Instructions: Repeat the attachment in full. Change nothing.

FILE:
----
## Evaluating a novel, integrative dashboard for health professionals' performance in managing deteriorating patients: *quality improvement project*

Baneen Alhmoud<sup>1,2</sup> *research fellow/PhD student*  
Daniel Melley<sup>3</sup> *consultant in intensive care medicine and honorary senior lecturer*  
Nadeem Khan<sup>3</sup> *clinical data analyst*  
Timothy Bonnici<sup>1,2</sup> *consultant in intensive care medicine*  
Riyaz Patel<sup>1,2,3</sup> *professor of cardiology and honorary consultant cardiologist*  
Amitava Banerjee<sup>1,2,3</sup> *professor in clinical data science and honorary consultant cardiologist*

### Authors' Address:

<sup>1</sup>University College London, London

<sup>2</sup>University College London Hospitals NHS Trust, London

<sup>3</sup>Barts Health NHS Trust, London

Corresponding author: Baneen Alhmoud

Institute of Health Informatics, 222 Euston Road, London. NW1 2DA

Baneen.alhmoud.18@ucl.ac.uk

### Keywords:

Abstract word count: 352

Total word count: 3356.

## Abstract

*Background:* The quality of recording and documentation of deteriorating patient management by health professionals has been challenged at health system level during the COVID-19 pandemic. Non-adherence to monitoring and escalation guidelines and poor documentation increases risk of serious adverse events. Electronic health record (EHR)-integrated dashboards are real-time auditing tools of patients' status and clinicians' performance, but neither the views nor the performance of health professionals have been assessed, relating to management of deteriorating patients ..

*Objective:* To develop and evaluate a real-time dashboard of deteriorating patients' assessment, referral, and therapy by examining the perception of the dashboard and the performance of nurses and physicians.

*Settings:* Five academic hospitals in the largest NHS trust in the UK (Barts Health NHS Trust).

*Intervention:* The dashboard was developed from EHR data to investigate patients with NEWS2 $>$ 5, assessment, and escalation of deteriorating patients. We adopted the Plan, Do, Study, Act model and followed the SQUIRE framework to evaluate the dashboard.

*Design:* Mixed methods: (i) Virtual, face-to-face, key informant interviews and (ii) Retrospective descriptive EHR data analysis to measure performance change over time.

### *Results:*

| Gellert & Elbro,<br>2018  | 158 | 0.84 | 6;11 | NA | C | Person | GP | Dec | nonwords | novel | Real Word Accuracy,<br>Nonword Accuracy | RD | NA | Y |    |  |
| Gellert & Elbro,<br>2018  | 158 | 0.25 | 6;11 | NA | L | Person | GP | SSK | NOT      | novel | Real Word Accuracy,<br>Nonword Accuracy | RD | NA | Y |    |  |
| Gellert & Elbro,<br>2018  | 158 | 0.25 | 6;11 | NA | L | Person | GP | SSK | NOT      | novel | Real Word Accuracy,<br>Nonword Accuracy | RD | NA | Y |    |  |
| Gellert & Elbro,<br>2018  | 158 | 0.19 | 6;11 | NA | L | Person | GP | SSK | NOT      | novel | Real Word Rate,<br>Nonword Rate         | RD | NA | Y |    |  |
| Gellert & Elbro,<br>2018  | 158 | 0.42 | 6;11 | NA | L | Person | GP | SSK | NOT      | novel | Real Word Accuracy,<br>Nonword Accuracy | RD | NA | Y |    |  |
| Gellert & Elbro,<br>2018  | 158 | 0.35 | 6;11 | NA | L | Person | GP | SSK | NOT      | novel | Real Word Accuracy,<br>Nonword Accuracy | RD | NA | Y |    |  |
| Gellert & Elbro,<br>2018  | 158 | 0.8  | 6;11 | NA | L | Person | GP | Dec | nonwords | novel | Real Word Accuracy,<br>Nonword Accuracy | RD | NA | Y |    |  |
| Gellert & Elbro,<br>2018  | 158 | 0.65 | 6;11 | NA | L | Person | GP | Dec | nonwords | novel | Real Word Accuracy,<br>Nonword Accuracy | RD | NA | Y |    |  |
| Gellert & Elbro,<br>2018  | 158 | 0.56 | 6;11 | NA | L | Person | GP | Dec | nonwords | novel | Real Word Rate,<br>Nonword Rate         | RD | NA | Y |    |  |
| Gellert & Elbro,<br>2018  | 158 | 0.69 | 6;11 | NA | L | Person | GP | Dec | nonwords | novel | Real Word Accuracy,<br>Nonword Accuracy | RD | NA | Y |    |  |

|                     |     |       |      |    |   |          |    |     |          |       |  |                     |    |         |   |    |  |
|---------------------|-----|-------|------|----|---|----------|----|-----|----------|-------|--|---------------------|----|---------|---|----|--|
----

## Evaluating a novel, integrative dashboard for health professionals' performance in managing deteriorating patients: *quality improvement project*

Baneen Alhmoud<sup>1,2</sup> *research fellow/PhD student*  
Daniel Melley<sup>3</sup> *consultant in intensive care medicine and honorary senior lecturer*  
Nadeem Khan<sup>3</sup> *clinical data analyst*  
Timothy Bonnici<sup>1,2</sup> *consultant in intensive care medicine*  
Riyaz Patel<sup>1,2,3</sup> *professor of cardiology and honorary consultant cardiologist*  
Amitava Banerjee<sup>1,2,3</sup> *professor in clinical data science and honorary consultant cardiologist*

### Authors' Address:

<sup>1</sup>University College London, London

<sup>2</sup>University College London Hospitals NHS Trust, London

<sup>3</sup>Barts Health NHS Trust, London

Corresponding author: Baneen Alhmoud

Institute of Health Informatics, 222 Euston Road, London. NW1 2DA

Baneen.alhmoud.18@ucl.ac.uk

### Keywords:

Abstract word count: 352

Total word count: 3356.

## Abstract

*Background:* The quality of recording and documentation of deteriorating patient management by health professionals has been challenged at health system level during the COVID-19 pandemic. Non-adherence to monitoring and escalation guidelines and poor documentation increases risk of serious adverse events. Electronic health record (EHR)-integrated dashboards are real-time auditing tools of patients' status and clinicians' performance, but neither the views nor the performance of health professionals have been assessed, relating to management of deteriorating patients ..

*Objective:* To develop and evaluate a real-time dashboard of deteriorating patients' assessment, referral, and therapy by examining the perception of the dashboard and the performance of nurses and physicians.

*Settings:* Five academic hospitals in the largest NHS trust in the UK (Barts Health NHS Trust).

*Intervention:* The dashboard was developed from EHR data to investigate patients with NEWS2 $>$ 5, assessment, and escalation of deteriorating patients. We adopted the Plan, Do, Study, Act model and followed the SQUIRE framework to evaluate the dashboard.

*Design:* Mixed methods: (i) Virtual, face-to-face, key informant interviews and (ii) Retrospective descriptive EHR data analysis to measure performance change over time.

### *Results:*

| Gellert & Elbro,<br>2018  | 158 | 0.84 | 6;11 | NA | C | Person | GP | Dec | nonwords | novel | Real Word Accuracy,<br>Nonword Accuracy | RD | NA | Y |    |  |
| Gellert & Elbro,<br>2018  | 158 | 0.25 | 6;11 | NA | L | Person | GP | SSK | NOT      | novel | Real Word Accuracy,<br>Nonword Accuracy | RD | NA | Y |    |  |
| Gellert & Elbro,<br>2018  | 158 | 0.25 | 6;11 | NA | L | Person | GP | SSK | NOT      | novel | Real Word Accuracy,<br>Nonword Accuracy | RD | NA | Y |    |  |
| Gellert & Elbro,<br>2018  | 158 | 0.19 | 6;11 | NA | L | Person | GP | SSK | NOT      | novel | Real Word Rate,<br>Nonword Rate         | RD | NA | Y |    |  |
| Gellert & Elbro,<br>2018  | 158 | 0.42 | 6;11 | NA | L | Person | GP | SSK | NOT      | novel | Real Word Accuracy,<br>Nonword Accuracy | RD | NA | Y |    |  |
| Gellert & Elbro,<br>2018  | 158 | 0.35 | 6;11 | NA | L | Person | GP | SSK | NOT      | novel | Real Word Accuracy,<br>Nonword Accuracy | RD | NA | Y |    |  |
| Gellert & Elbro,<br>2018  | 158 | 0.8  | 6;11 | NA | L | Person | GP | Dec | nonwords | novel | Real Word Accuracy,<br>Nonword Accuracy | RD | NA | Y |    |  |
| Gellert & Elbro,<br>2018  | 158 | 0.65 | 6;11 | NA | L | Person | GP | Dec | nonwords | novel | Real Word Accuracy,<br>Nonword Accuracy | RD | NA | Y |    |  |
| Gellert & Elbro,<br>2018  | 158 | 0.56 | 6;11 | NA | L | Person | GP | Dec | nonwords | novel | Real Word Rate,<br>Nonword Rate         | RD | NA | Y |    |  |
| Gellert & Elbro,<br>2018  | 158 | 0.69 | 6;11 | NA | L | Person | GP | Dec | nonwords | novel | Real Word Accuracy,<br>Nonword Accuracy | RD | NA | Y |    |  |

|                     |     |       |      |    |   |          |    |     |          |       |  |                     |    |         |   |    |  |
|---------------------|-----|-------|------|----|---|----------|----|-----|----------|-------|--|---------------------|----|---------|---|----|--|